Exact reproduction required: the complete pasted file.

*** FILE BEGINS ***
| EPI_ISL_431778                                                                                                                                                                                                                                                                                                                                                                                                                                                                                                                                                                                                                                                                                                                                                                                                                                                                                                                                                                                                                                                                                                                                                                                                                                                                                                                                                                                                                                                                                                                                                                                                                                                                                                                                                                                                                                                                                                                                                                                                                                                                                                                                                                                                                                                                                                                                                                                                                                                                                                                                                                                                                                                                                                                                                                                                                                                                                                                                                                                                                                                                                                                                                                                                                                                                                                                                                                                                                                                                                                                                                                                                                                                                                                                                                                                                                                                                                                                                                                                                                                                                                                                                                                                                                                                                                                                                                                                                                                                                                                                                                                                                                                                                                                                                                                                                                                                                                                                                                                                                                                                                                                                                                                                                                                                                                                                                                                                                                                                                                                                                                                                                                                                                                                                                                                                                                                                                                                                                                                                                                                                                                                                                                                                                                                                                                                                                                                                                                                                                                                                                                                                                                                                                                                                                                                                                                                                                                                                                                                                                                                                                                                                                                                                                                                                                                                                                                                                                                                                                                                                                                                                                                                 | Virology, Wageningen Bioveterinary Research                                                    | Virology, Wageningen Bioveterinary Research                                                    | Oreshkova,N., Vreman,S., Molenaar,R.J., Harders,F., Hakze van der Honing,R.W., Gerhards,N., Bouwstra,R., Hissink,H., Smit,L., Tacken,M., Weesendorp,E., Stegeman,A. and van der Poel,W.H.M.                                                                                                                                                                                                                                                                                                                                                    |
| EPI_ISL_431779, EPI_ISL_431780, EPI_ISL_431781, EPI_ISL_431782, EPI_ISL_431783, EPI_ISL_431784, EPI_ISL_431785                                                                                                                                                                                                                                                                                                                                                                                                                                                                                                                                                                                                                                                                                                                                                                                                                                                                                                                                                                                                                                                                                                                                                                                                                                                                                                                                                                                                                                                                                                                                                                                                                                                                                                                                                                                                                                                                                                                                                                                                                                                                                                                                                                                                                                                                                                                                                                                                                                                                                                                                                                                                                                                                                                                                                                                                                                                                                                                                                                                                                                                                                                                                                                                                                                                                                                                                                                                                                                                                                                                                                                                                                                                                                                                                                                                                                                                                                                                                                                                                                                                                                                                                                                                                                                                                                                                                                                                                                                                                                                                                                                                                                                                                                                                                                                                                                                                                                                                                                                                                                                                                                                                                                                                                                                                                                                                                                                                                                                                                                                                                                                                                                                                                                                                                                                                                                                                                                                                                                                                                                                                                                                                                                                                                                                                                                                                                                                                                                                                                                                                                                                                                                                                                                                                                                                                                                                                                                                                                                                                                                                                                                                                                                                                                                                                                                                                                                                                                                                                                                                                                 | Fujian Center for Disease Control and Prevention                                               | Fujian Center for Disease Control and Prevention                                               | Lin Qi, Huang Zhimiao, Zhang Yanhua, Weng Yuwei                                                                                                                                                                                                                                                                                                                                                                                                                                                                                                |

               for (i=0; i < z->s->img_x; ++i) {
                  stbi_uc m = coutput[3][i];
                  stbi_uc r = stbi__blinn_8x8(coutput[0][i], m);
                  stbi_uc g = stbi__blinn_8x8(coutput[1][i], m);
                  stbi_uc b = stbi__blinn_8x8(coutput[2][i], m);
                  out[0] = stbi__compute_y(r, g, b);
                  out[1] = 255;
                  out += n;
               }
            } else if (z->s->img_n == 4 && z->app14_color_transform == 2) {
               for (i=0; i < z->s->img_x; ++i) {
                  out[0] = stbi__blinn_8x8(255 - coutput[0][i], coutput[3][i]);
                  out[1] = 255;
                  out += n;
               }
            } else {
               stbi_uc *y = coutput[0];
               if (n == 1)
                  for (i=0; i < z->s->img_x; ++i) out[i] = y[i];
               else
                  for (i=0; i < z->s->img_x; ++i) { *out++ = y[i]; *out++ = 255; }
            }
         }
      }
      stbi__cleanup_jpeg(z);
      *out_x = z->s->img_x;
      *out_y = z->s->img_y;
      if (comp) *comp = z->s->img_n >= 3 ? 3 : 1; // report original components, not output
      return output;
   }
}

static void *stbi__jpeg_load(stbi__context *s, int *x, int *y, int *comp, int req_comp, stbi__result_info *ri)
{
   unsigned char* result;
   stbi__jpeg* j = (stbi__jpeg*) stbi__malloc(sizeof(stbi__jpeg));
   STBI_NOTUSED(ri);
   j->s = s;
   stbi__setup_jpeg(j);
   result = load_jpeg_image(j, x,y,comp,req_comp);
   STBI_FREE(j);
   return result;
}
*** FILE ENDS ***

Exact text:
| EPI_ISL_431778                                                                                                                                                                                                                                                                                                                                                                                                                                                                                                                                                                                                                                                                                                                                                                                                                                                                                                                                                                                                                                                                                                                                                                                                                                                                                                                                                                                                                                                                                                                                                                                                                                                                                                                                                                                                                                                                                                                                                                                                                                                                                                                                                                                                                                                                                                                                                                                                                                                                                                                                                                                                                                                                                                                                                                                                                                                                                                                                                                                                                                                                                                                                                                                                                                                                                                                                                                                                                                                                                                                                                                                                                                                                                                                                                                                                                                                                                                                                                                                                                                                                                                                                                                                                                                                                                                                                                                                                                                                                                                                                                                                                                                                                                                                                                                                                                                                                                                                                                                                                                                                                                                                                                                                                                                                                                                                                                                                                                                                                                                                                                                                                                                                                                                                                                                                                                                                                                                                                                                                                                                                                                                                                                                                                                                                                                                                                                                                                                                                                                                                                                                                                                                                                                                                                                                                                                                                                                                                                                                                                                                                                                                                                                                                                                                                                                                                                                                                                                                                                                                                                                                                                                                 | Virology, Wageningen Bioveterinary Research                                                    | Virology, Wageningen Bioveterinary Research                                                    | Oreshkova,N., Vreman,S., Molenaar,R.J., Harders,F., Hakze van der Honing,R.W., Gerhards,N., Bouwstra,R., Hissink,H., Smit,L., Tacken,M., Weesendorp,E., Stegeman,A. and van der Poel,W.H.M.                                                                                                                                                                                                                                                                                                                                                    |
| EPI_ISL_431779, EPI_ISL_431780, EPI_ISL_431781, EPI_ISL_431782, EPI_ISL_431783, EPI_ISL_431784, EPI_ISL_431785                                                                                                                                                                                                                                                                                                                                                                                                                                                                                                                                                                                                                                                                                                                                                                                                                                                                                                                                                                                                                                                                                                                                                                                                                                                                                                                                                                                                                                                                                                                                                                                                                                                                                                                                                                                                                                                                                                                                                                                                                                                                                                                                                                                                                                                                                                                                                                                                                                                                                                                                                                                                                                                                                                                                                                                                                                                                                                                                                                                                                                                                                                                                                                                                                                                                                                                                                                                                                                                                                                                                                                                                                                                                                                                                                                                                                                                                                                                                                                                                                                                                                                                                                                                                                                                                                                                                                                                                                                                                                                                                                                                                                                                                                                                                                                                                                                                                                                                                                                                                                                                                                                                                                                                                                                                                                                                                                                                                                                                                                                                                                                                                                                                                                                                                                                                                                                                                                                                                                                                                                                                                                                                                                                                                                                                                                                                                                                                                                                                                                                                                                                                                                                                                                                                                                                                                                                                                                                                                                                                                                                                                                                                                                                                                                                                                                                                                                                                                                                                                                                                                 | Fujian Center for Disease Control and Prevention                                               | Fujian Center for Disease Control and Prevention                                               | Lin Qi, Huang Zhimiao, Zhang Yanhua, Weng Yuwei                                                                                                                                                                                                                                                                                                                                                                                                                                                                                                |

               for (i=0; i < z->s->img_x; ++i) {
                  stbi_uc m = coutput[3][i];
                  stbi_uc r = stbi__blinn_8x8(coutput[0][i], m);
                  stbi_uc g = stbi__blinn_8x8(coutput[1][i], m);
                  stbi_uc b = stbi__blinn_8x8(coutput[2][i], m);
                  out[0] = stbi__compute_y(r, g, b);
                  out[1] = 255;
                  out += n;
               }
            } else if (z->s->img_n == 4 && z->app14_color_transform == 2) {
               for (i=0; i < z->s->img_x; ++i) {
                  out[0] = stbi__blinn_8x8(255 - coutput[0][i], coutput[3][i]);
                  out[1] = 255;
                  out += n;
               }
            } else {
               stbi_uc *y = coutput[0];
               if (n == 1)
                  for (i=0; i < z->s->img_x; ++i) out[i] = y[i];
               else
                  for (i=0; i < z->s->img_x; ++i) { *out++ = y[i]; *out++ = 255; }
            }
         }
      }
      stbi__cleanup_jpeg(z);
      *out_x = z->s->img_x;
      *out_y = z->s->img_y;
      if (comp) *comp = z->s->img_n >= 3 ? 3 : 1; // report original components, not output
      return output;
   }
}

static void *stbi__jpeg_load(stbi__context *s, int *x, int *y, int *comp, int req_comp, stbi__result_info *ri)
{
   unsigned char* result;
   stbi__jpeg* j = (stbi__jpeg*) stbi__malloc(sizeof(stbi__jpeg));
   STBI_NOTUSED(ri);
   j->s = s;
   stbi__setup_jpeg(j);
   result = load_jpeg_image(j, x,y,comp,req_comp);
   STBI_FREE(j);
   return result;
}